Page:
Since Farini, there have been about thirty expeditions to find the Lost City, but none have been successful.  Of most interest is one mounted in 1964 by Prof. A. J. Clement, his 77 year-old father, a journalist, and a photographer.  At the town of Rietfontein they were shown an extremely unusual “rock formation” known as the Eggshell Hills.  “The unmistakable outline of a large, oval-shaped amphitheater, perhaps a third of a mile in length, was the predominant feature. In numerous places there was striking resemblance to a double wall built from large, glistening black rocks, and it was obvious that many of the individual boulders could easily be confused with square building blocks," Clement wrote later.

A geologist who saw photographs of the site suggested that the “ruins” were the product of the weathering of dolerite. Magma intrusions had forced their way in the form of sills along the bedding planes of sediments (some 180-190 million years ago) forming the level planes or flat sheets of rock found at the site. As the magma cooled, it formed cracks and splits, making it seem as if the rock had been carefully cut and dressed, with pieces stacked up on top of each other.  

Clement concludes his book by saying, “Like all legends, that of the Lost City will be a long time a-dying, and doubtless there will still be some who are disinclined to let the matter rest in spite of all the contrary evidence. And possibly this is just as well, for there is something rather sad about the destruction of a legend.”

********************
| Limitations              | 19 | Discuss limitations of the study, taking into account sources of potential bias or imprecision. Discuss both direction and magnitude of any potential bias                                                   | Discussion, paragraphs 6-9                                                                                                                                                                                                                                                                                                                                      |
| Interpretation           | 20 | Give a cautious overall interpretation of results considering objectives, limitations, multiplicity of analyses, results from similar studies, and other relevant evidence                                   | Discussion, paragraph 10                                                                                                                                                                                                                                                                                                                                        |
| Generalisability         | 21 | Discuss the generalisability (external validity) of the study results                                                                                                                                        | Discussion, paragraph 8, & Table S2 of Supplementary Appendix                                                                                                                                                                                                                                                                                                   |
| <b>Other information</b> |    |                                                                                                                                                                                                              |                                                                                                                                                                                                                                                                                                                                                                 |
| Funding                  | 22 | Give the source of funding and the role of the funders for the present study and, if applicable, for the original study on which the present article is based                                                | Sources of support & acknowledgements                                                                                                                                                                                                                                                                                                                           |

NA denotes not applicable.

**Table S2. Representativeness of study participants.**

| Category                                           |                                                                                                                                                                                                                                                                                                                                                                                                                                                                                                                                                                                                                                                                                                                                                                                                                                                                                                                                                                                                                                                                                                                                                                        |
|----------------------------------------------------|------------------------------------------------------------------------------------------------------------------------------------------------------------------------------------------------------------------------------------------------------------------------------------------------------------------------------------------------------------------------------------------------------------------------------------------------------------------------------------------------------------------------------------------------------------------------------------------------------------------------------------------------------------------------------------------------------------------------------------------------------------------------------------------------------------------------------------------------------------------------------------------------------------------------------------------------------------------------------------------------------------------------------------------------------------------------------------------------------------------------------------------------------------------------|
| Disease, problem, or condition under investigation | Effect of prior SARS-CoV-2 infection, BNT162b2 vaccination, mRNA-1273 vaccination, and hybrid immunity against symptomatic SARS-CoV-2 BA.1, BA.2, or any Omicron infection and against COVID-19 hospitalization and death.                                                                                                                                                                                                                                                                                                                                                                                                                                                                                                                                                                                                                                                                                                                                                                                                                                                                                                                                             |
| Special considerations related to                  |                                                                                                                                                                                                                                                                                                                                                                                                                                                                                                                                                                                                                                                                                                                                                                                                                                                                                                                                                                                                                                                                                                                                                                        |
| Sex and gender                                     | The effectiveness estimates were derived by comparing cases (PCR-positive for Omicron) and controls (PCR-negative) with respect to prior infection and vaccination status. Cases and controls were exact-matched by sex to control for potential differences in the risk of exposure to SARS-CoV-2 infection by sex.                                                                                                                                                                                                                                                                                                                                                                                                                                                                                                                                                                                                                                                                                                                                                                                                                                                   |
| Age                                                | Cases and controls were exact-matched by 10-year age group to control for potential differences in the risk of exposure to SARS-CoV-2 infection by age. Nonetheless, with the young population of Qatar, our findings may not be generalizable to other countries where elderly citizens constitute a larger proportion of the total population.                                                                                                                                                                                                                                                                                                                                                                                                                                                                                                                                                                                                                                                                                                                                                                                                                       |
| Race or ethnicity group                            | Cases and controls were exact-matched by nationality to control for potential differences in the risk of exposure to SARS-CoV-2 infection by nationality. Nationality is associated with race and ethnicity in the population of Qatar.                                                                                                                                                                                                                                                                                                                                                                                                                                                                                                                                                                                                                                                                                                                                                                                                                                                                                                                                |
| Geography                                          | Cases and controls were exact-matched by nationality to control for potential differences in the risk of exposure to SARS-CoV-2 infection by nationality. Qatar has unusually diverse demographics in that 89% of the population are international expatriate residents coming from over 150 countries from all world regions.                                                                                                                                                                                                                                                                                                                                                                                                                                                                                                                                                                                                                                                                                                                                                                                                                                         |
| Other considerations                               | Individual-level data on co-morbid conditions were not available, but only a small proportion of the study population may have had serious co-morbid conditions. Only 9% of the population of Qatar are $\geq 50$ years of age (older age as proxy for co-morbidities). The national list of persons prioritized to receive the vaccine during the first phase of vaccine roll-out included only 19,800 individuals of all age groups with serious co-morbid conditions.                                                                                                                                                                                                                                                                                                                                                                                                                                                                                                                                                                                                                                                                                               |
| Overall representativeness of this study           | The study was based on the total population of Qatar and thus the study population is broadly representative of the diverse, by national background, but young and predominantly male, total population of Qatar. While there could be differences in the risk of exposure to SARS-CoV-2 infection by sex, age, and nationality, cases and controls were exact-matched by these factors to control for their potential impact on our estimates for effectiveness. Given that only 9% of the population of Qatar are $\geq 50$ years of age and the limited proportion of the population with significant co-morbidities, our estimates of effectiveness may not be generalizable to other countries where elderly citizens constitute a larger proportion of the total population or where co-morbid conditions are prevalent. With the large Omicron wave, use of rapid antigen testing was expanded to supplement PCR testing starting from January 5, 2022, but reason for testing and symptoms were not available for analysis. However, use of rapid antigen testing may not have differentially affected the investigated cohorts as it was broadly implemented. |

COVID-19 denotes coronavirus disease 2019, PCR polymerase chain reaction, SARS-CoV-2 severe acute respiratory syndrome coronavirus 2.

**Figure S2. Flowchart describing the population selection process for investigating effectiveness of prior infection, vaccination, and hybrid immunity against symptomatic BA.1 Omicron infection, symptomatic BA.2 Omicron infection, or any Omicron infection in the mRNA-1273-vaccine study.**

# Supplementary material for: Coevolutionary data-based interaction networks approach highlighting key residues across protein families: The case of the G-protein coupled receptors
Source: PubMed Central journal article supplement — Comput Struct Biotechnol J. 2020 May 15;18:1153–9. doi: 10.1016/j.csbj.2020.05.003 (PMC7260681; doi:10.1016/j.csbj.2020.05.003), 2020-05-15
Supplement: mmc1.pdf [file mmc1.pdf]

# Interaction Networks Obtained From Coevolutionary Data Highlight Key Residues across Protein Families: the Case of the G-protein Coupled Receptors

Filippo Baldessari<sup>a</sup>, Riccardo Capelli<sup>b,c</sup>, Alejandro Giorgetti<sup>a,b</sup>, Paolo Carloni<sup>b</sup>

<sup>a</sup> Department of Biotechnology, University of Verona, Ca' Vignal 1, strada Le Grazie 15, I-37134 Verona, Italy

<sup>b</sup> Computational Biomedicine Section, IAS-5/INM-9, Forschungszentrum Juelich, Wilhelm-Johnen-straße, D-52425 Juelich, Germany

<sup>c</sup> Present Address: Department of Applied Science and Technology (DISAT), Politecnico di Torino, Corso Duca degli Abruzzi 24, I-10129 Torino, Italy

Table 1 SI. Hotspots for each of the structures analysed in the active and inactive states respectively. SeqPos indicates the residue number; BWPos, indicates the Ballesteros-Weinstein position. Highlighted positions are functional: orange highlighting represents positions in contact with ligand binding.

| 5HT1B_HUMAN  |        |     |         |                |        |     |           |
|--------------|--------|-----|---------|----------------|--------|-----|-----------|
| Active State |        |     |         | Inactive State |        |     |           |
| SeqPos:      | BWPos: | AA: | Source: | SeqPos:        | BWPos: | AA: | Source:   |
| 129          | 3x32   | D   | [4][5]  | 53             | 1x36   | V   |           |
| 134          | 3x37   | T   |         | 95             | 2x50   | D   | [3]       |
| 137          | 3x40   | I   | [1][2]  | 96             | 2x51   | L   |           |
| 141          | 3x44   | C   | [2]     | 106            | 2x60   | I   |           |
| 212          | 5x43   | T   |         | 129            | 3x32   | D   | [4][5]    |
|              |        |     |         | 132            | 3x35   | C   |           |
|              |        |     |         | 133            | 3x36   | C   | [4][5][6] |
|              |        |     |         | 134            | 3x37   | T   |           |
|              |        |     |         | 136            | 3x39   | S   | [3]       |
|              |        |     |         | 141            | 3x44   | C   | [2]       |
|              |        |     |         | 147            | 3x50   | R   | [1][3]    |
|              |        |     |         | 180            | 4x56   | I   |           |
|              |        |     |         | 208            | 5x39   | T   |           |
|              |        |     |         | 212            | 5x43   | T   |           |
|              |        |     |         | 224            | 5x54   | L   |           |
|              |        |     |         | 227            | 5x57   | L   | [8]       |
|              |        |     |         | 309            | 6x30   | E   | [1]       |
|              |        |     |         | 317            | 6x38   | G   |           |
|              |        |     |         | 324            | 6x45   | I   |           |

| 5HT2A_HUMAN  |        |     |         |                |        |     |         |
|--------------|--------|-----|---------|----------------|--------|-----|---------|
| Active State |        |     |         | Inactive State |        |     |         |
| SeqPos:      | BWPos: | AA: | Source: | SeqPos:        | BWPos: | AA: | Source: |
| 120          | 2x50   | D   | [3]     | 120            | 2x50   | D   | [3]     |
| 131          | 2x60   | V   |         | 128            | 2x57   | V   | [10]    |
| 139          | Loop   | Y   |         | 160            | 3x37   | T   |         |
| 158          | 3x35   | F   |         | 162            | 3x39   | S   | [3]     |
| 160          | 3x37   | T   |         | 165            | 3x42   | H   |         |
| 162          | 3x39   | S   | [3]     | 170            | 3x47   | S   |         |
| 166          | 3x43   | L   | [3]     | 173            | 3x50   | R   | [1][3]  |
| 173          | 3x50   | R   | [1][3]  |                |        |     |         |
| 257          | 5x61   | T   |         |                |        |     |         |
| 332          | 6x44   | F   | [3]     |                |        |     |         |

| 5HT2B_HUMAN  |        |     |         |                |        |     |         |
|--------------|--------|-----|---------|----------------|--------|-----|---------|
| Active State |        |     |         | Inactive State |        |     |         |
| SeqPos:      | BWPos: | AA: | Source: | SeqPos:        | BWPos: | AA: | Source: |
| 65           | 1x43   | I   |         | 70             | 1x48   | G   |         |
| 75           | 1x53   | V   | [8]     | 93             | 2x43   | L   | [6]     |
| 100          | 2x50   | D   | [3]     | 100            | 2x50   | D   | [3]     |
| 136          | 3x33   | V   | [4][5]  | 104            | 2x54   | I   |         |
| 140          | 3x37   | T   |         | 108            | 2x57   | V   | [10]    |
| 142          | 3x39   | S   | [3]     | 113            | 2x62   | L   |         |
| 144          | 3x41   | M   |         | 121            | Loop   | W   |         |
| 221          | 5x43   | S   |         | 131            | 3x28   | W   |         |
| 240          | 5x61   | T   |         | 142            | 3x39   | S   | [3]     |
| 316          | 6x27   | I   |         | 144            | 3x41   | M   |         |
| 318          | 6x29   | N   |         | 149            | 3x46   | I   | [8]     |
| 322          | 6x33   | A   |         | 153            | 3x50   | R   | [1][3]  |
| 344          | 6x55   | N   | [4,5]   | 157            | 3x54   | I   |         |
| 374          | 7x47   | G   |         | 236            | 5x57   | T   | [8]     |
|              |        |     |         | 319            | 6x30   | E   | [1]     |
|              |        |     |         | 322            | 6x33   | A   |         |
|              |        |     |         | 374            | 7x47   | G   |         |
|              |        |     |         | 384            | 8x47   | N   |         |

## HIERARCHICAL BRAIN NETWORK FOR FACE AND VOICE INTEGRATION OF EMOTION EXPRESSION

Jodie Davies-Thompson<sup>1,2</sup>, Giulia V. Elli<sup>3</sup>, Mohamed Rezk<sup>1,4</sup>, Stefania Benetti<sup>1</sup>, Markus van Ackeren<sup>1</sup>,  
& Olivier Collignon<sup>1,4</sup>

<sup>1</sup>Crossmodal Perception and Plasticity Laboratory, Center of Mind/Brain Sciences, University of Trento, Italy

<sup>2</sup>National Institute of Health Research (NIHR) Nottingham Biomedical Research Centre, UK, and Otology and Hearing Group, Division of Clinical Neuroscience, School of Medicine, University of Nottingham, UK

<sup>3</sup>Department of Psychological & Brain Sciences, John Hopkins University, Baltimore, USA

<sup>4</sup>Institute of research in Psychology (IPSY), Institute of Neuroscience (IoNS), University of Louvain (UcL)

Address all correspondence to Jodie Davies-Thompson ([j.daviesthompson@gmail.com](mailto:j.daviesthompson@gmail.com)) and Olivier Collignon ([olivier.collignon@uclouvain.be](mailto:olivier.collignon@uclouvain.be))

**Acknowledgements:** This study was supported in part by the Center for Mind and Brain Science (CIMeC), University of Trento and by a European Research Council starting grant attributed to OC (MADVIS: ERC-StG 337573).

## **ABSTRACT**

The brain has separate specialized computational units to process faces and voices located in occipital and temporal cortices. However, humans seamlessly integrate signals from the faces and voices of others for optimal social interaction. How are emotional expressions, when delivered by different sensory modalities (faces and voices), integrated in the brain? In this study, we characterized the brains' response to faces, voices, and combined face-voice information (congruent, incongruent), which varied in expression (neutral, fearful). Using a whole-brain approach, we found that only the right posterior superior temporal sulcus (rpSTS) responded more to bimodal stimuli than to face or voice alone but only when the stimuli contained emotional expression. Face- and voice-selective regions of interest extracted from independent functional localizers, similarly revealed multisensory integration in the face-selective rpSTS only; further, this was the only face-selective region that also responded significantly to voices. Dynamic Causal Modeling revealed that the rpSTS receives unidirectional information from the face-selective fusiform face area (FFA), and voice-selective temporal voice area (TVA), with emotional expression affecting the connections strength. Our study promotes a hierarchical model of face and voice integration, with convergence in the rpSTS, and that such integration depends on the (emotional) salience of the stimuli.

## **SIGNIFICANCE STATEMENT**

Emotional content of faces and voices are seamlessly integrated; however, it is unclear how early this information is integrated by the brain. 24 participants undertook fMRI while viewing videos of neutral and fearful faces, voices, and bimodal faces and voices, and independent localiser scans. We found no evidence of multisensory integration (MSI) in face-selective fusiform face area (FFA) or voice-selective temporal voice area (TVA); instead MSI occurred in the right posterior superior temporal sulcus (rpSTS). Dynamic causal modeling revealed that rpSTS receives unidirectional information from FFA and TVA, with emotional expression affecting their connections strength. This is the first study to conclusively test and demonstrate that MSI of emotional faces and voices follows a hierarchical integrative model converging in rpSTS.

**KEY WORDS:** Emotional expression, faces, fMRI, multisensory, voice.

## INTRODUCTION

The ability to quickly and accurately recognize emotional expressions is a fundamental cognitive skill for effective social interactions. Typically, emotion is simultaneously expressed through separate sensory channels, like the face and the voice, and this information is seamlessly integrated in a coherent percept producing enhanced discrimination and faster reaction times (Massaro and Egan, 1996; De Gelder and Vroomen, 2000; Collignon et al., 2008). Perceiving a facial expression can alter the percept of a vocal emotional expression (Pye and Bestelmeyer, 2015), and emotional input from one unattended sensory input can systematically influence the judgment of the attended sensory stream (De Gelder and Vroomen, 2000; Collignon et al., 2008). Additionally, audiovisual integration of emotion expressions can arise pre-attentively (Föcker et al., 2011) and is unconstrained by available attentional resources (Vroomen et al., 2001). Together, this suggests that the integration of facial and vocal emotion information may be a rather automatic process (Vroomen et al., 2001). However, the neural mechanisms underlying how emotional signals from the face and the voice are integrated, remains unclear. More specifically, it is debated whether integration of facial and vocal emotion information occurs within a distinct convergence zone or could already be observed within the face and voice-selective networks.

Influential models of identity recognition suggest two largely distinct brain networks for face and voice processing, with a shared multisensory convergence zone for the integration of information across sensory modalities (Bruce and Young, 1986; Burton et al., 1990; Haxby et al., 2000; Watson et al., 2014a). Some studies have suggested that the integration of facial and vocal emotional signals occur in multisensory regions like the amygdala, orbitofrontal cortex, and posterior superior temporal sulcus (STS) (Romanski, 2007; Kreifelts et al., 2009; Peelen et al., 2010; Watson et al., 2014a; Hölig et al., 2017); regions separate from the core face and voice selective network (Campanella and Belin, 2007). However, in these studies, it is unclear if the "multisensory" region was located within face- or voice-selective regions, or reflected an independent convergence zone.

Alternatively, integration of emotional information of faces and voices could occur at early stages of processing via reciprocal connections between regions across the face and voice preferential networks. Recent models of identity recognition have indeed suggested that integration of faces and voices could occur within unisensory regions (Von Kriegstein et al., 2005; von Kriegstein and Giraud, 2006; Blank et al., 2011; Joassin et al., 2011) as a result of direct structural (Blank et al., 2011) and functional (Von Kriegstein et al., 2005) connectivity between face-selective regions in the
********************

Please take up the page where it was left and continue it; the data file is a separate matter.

Clearly Clement was convinced that Farini’s city was a natural formation and not a Lost City. 

As the writer of an UNMYST3 blog wrote: "However the rocks are all neatly squared and the lines of “masonry” are parallel and at right angles. Some igneous formations such as basalt do indeed crystallize in regular patterns, but not like the dolerite rocks at Rietfontein. The final proof is Clement’s own photo of one of the massive blocks with a series of four parallel, horizontal grooves on it. Was it an ancient city? Was it natural? Was this what Farini had found? There seemed no clear answer to any of these questions." 

Stan - Thursday 

PS.  Apologies for the lack of photographs - after all the city is lost, and Farini's book out of print.



6 comments:

  1. I hope the Bushmen sold Farini a bill of goods about the Lost City in return for Farini placing them in a sideshow. Farini deserves a few years wandering in a desert.

    Given the career of William Hunt, Farini was con man and show man all in one package.

    ReplyDelete
  2. That's no fair, Beth. You stole my lines. Well, at least anticipated them. Frankly, though, it sounds to me as if Prof. A. J Clement and his 77 year-old father may have been the inspiration for Indiana Jones and his ole pappy.

    --Jeff

    ReplyDelete
  3. Riveting. I love all this lost cities stuff. I may have to post about one myself...

    ReplyDelete
  4. Hi, can i please ask what the name of Prof A.JClement's book?

    ReplyDelete
  5. Hi, can i please ask what the name of Prof A.JClement's book?

    ReplyDelete